However, the City discarded that idea as “too risky” after further study. The engineering company cautioned the City that it would have a difficult time finding contractors willing to risk modifying a 70-year old concrete dam. The potential liability was just too great. So the City then revisited adding various numbers of tainter gates to the eastern, earthen portion of the dam.
Because tainter gates exceeded FEMA’s funding, the City had initially focused on crest gates. But after investigating the safety issues, the City decided to seek more funding for tainter gates instead.
The City now recommends adding 11 tainter gates.
The picture below is slightly wider and shows more of how both halves of the dam come together.
FEMA initially set aside $50 million for the gates. Plus Harris County committed $20 million in the 2018 Flood Bond to attract FEMA’s match. But the latest construction estimates show eleven tainter gates could cost between $200 and $250 million.
After engineering and environmental studies, only $68.3 million in funding remains. That includes an earmark secured by Congressman Dan Crenshaw. So the City is seeking another $150 million from the State of Texas. Martin and Costello have made weekly trips to Austin so far during this session to line up support from legislators, committee chairs, and the Texas Division of Emergency Management.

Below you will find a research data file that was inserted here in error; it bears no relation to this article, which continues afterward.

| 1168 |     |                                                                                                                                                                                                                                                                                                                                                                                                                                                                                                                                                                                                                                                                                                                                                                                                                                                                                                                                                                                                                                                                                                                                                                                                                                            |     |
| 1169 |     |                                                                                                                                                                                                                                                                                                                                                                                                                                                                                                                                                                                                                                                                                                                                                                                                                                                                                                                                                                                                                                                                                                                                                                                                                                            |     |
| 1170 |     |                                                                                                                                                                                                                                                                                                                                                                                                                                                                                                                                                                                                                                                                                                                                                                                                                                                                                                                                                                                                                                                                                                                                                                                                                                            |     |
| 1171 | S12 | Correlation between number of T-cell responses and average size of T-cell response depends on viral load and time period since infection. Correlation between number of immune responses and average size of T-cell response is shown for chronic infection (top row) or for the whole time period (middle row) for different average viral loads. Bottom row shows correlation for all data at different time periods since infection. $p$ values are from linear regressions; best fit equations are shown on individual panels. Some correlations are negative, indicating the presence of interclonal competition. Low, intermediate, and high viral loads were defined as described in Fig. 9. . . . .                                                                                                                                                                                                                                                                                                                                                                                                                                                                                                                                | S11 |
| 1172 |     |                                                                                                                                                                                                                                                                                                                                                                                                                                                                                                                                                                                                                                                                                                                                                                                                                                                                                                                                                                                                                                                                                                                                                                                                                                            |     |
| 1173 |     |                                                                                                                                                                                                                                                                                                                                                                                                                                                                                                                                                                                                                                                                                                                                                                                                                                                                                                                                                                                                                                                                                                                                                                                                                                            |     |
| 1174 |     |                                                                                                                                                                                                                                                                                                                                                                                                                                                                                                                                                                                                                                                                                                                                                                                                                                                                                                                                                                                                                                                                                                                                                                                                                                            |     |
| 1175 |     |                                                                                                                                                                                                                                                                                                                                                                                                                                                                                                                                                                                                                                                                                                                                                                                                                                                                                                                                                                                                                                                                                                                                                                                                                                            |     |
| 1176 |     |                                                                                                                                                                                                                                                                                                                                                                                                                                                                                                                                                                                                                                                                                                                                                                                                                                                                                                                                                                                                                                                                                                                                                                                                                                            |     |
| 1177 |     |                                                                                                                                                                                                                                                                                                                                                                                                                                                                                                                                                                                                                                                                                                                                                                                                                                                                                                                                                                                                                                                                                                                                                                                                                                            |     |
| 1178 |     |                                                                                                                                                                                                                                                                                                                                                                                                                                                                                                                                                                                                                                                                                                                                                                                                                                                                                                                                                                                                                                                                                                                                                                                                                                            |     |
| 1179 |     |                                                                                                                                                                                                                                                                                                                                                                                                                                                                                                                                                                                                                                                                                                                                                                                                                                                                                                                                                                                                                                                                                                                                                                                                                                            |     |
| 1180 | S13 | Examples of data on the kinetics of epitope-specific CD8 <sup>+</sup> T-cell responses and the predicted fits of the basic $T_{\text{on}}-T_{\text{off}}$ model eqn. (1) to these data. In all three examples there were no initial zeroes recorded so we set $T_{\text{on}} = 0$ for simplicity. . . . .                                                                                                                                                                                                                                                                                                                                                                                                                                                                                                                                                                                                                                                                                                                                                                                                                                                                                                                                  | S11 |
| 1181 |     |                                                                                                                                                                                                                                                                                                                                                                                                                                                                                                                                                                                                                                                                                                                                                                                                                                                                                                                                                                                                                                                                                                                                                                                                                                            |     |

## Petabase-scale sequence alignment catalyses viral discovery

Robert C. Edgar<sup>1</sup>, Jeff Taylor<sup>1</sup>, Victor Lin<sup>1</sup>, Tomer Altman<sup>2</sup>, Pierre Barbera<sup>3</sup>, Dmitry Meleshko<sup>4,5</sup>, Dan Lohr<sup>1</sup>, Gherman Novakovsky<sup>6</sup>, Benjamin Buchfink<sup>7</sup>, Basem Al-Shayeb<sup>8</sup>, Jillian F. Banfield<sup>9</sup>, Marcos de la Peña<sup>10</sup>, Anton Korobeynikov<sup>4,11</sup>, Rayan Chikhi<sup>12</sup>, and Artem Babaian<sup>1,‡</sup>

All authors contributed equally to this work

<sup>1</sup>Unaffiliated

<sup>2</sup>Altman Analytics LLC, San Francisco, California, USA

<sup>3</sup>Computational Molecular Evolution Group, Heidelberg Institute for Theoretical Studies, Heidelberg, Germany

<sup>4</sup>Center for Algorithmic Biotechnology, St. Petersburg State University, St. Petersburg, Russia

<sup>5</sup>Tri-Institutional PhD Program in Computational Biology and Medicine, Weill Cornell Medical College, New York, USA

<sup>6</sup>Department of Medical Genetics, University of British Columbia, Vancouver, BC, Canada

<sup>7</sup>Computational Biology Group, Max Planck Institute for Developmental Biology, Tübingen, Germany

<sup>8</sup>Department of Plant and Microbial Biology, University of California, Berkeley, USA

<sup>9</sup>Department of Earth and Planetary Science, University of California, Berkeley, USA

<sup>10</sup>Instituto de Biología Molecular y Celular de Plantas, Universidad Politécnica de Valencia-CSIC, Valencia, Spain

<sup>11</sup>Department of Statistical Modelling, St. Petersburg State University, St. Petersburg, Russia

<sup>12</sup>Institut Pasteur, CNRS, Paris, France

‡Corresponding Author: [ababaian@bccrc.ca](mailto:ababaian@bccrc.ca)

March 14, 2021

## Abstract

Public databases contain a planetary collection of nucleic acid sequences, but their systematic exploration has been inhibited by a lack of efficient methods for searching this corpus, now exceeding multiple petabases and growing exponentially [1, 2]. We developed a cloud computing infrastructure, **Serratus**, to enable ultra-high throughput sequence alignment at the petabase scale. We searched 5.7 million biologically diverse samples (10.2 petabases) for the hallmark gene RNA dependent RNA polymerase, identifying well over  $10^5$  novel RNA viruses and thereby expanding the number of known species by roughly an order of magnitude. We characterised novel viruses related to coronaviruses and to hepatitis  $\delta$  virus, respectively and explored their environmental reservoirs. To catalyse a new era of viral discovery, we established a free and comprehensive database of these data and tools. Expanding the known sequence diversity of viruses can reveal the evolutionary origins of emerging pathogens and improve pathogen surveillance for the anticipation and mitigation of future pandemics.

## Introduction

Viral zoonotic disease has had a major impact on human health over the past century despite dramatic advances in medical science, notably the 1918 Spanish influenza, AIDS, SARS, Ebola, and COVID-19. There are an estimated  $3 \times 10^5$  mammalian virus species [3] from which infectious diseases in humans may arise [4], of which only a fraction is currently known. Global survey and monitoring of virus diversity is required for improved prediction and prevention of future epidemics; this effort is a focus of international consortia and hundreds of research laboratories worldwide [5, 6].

Social Benefits Improve Benefit/Cost Ratio
All this is suddenly possible because of a favorable ruling from FEMA on the benefit-cost ratio (BCR).
For years, Houston had struggled to get the BCR for the gate project above 1.0 (the point at which benefits exceed costs). Usually, FEMA strictly interprets benefits as “avoided damages to structures.”
But Houston Mayor Sylvester Turner and Costello met with FEMA to argue that the problem was much bigger than damaged structures.
As a result, FEMA allowed the City to add the value of “social benefits” to the BCR. Social benefits can include such things as avoiding lost wages when businesses are destroyed; transportation disruptions that reduce the region’s productivity; reducing negative impacts on student achievement when schools are disrupted; and more.